Endometriosis: The Facts

January 30, 2016

Back in 2014 I wrote a ridiculously long post all about endometriosis and what I’d been though. It really was a ridiculously long post and while I loved every word I wrote I felt in hindsight that it was just too lengthy and contained too much information so I’ve decided to break it down and try and make it more relevant.

Endometriosis really doesn’t receive the attention that it deserves and I wanted to put this out there for young girls and woman who suffer from heavy painful periods and other symptoms that could mean you have Endometriosis. To make people aware and for people to know they are not alone!

“Endometriosis (pronounced end – oh – mee – tree – oh – sis) is the name given to the condition where cells like the ones in the lining of the womb (uterus) are found elsewhere in the body.

Every month your body goes through hormonal changes. You naturally release hormones which cause the lining of the womb to increase in preparation for a fertilised egg. If pregnancy does not occur, this lining will break down and bleed. The blood is then released from your body as a period.

Endometriosis cells react in the same way – except that they are located outside your womb. During your monthly cycle your hormones stimulate the endometriosis, causing it to grow, then break down and bleed. This internal bleeding, unlike a period, has no way of leaving the body. This leads to inflammation, pain, and the formation of scar tissue (adhesions). Endometrial tissue can also be found in the ovary, where it can form cysts, called ‘chocolate cysts’ because of their appearance.

Endometriosis is not an infection.
Endometriosis is not contagious.
Endometriosis is not cancer.

The actual cause of endometriosis is unknown. There are several theories, but none fully explains why the condition occurs. Some women experience symptoms while others do not. The symptoms of endometriosis can vary in intensity.

Common symptoms:

  • Painful, heavy, or irregular periods 
  • Pain during or after sex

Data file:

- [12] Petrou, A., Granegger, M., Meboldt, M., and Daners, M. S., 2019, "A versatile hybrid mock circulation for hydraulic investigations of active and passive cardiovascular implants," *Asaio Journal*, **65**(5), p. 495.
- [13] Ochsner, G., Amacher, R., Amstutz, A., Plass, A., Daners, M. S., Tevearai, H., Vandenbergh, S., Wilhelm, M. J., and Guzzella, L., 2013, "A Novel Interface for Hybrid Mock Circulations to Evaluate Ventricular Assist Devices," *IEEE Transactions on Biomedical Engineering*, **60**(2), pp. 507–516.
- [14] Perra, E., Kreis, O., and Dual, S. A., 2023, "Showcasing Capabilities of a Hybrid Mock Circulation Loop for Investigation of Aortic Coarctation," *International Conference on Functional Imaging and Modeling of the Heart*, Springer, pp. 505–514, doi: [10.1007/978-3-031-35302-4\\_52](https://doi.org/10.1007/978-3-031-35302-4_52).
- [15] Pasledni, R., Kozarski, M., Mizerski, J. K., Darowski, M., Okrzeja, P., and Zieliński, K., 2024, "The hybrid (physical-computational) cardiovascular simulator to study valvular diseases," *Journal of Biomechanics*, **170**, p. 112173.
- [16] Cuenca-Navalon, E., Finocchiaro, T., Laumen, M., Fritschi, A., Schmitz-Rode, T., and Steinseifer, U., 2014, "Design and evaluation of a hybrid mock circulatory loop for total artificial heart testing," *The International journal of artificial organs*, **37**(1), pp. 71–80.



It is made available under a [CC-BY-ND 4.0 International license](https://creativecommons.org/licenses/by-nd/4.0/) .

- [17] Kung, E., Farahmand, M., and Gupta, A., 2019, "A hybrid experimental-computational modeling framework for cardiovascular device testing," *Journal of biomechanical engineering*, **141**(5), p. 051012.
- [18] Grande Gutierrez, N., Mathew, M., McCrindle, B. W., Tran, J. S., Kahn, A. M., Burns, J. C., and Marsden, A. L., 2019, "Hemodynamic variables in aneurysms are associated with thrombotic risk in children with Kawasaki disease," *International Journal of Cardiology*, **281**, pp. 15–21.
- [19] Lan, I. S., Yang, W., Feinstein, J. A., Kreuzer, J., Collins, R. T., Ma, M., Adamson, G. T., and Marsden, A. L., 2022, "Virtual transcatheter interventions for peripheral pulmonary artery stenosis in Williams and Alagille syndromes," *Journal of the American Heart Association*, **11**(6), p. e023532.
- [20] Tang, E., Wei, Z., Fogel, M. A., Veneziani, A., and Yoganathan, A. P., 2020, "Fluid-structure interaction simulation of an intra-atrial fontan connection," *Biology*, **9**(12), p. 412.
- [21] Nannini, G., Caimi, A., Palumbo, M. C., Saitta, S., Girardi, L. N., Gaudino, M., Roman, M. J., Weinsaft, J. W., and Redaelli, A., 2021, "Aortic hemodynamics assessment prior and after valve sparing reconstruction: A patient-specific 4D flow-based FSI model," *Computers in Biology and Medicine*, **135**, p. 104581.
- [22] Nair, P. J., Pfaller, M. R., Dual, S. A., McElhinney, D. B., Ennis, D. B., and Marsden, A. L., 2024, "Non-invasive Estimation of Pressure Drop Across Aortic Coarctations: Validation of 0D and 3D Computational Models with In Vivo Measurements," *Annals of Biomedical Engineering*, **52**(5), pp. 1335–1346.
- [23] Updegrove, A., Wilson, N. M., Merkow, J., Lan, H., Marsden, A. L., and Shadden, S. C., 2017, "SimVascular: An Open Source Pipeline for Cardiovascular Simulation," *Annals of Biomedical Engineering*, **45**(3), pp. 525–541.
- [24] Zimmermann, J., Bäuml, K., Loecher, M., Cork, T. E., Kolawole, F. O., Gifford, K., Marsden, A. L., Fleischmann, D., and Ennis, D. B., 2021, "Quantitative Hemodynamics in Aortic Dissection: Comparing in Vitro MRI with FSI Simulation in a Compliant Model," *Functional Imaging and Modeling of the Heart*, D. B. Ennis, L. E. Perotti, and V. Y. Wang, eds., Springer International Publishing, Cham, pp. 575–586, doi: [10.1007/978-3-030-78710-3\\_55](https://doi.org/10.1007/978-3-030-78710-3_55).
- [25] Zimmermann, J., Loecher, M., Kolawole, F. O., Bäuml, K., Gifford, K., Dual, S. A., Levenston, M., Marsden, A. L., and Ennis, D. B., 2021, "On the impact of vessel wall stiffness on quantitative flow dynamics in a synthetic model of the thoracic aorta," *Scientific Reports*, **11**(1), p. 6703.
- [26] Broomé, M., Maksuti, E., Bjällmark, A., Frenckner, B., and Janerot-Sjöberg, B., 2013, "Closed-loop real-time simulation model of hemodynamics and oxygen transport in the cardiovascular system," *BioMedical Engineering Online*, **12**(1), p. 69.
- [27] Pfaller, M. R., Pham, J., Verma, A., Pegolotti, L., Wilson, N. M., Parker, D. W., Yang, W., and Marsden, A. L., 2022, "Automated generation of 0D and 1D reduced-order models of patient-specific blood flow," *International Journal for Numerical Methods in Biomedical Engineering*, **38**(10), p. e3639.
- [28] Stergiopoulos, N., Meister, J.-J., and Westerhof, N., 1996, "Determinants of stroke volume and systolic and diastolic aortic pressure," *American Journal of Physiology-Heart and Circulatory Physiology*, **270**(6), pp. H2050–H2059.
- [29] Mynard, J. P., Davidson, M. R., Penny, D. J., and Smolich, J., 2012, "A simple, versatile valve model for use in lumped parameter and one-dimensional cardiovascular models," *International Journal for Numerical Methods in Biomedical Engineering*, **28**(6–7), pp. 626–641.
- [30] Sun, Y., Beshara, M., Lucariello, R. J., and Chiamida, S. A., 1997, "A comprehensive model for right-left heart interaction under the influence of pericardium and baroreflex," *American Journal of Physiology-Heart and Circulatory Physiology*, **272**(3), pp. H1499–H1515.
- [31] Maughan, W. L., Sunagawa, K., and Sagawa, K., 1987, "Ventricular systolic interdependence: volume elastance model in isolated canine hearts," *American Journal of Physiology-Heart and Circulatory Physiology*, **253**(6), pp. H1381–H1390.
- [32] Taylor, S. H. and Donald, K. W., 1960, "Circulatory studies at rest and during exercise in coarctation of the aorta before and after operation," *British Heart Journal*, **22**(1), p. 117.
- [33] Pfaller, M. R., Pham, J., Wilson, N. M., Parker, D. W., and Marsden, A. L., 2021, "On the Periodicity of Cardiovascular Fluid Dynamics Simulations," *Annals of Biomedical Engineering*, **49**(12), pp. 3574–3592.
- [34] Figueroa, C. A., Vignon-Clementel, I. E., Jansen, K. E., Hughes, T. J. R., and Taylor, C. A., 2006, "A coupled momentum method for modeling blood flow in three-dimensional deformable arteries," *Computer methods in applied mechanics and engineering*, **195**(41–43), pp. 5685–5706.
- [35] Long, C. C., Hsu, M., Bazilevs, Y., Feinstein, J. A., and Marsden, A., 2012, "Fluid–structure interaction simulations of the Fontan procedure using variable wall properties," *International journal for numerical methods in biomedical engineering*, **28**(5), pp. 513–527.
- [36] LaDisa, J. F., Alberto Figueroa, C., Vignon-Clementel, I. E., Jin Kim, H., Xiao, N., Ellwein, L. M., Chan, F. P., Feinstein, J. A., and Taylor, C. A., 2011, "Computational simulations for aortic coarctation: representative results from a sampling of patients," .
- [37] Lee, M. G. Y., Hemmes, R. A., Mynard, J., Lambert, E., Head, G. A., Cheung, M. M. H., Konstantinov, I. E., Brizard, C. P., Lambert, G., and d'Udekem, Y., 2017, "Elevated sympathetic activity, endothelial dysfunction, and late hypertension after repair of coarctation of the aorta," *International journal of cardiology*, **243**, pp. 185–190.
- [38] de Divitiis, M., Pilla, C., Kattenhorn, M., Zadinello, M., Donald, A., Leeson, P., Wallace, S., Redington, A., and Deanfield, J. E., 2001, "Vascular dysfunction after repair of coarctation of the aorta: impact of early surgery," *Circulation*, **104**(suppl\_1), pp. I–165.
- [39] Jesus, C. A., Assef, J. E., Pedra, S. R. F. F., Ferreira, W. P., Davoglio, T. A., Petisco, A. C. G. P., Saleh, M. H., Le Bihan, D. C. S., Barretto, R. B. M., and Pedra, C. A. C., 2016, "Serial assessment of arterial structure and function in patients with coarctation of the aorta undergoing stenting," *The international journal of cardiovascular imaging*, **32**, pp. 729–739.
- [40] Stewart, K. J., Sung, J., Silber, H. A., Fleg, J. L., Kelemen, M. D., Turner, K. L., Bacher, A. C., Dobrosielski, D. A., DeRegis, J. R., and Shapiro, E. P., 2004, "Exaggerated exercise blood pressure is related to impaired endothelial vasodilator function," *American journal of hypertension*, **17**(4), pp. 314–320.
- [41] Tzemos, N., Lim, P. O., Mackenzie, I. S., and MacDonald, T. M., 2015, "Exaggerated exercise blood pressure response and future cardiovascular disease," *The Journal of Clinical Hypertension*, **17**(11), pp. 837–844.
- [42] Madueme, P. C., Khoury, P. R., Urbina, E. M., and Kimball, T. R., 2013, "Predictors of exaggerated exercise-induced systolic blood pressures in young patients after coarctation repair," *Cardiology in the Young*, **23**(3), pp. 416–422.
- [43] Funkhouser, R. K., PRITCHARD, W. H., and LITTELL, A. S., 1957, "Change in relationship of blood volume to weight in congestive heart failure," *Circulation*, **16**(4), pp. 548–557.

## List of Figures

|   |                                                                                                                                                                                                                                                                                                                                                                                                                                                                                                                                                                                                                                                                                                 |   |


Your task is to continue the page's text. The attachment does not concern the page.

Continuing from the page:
• Infertility 
  • Problems on opening bowels 
  • Fatigue 
  • The individual circumstances of the woman 
  • Her age 
  • The severity of her symptoms 
  • Her desire to have children 
  • The severity of the disease

If you have any of these symptoms please see your Dr. I would also recommend you keeping a note of all your symptoms and the dates these symptoms occur.

The amount of endometriosis does not always correspond to the amount of pain and discomfort. A small amount of endometriosis can be more painful than severe disease. It depends, largely, where the endometriosis is actually growing inside the body.

All of the symptoms above may have other causes. It is important to seek medical advice to clarify the cause of any symptoms you may experience. If your symptoms change after diagnosis it is important to discuss these changes with a medical practitioner. It is easy to attribute all your problems to endometriosis but it may not always be the cause of your symptoms.

Currently, there is no cure for endometriosis. The different treatments available aim to reduce the severity of symptoms and improve the quality of life for a woman living with the condition.
The type of treatment should be decided in partnership between her and her healthcare professional.
The decision about which treatment to choose should depend on several factors:

The treatments currently available can help by relieving pain symptoms; shrinking or slowing endometriosis growth; preserving or restoring fertility; or preventing/delaying the recurrence of the disease.” (Information provided by Endometriosis UK)

Treatments for Endometriosis can vary but the main treatments can be pain management, hormones, surgery and nutrition.

If you have any of these symptoms, please don’t hesitate to contact you G.P and it’s always good to keep a note of your symptoms and the dates they occur.

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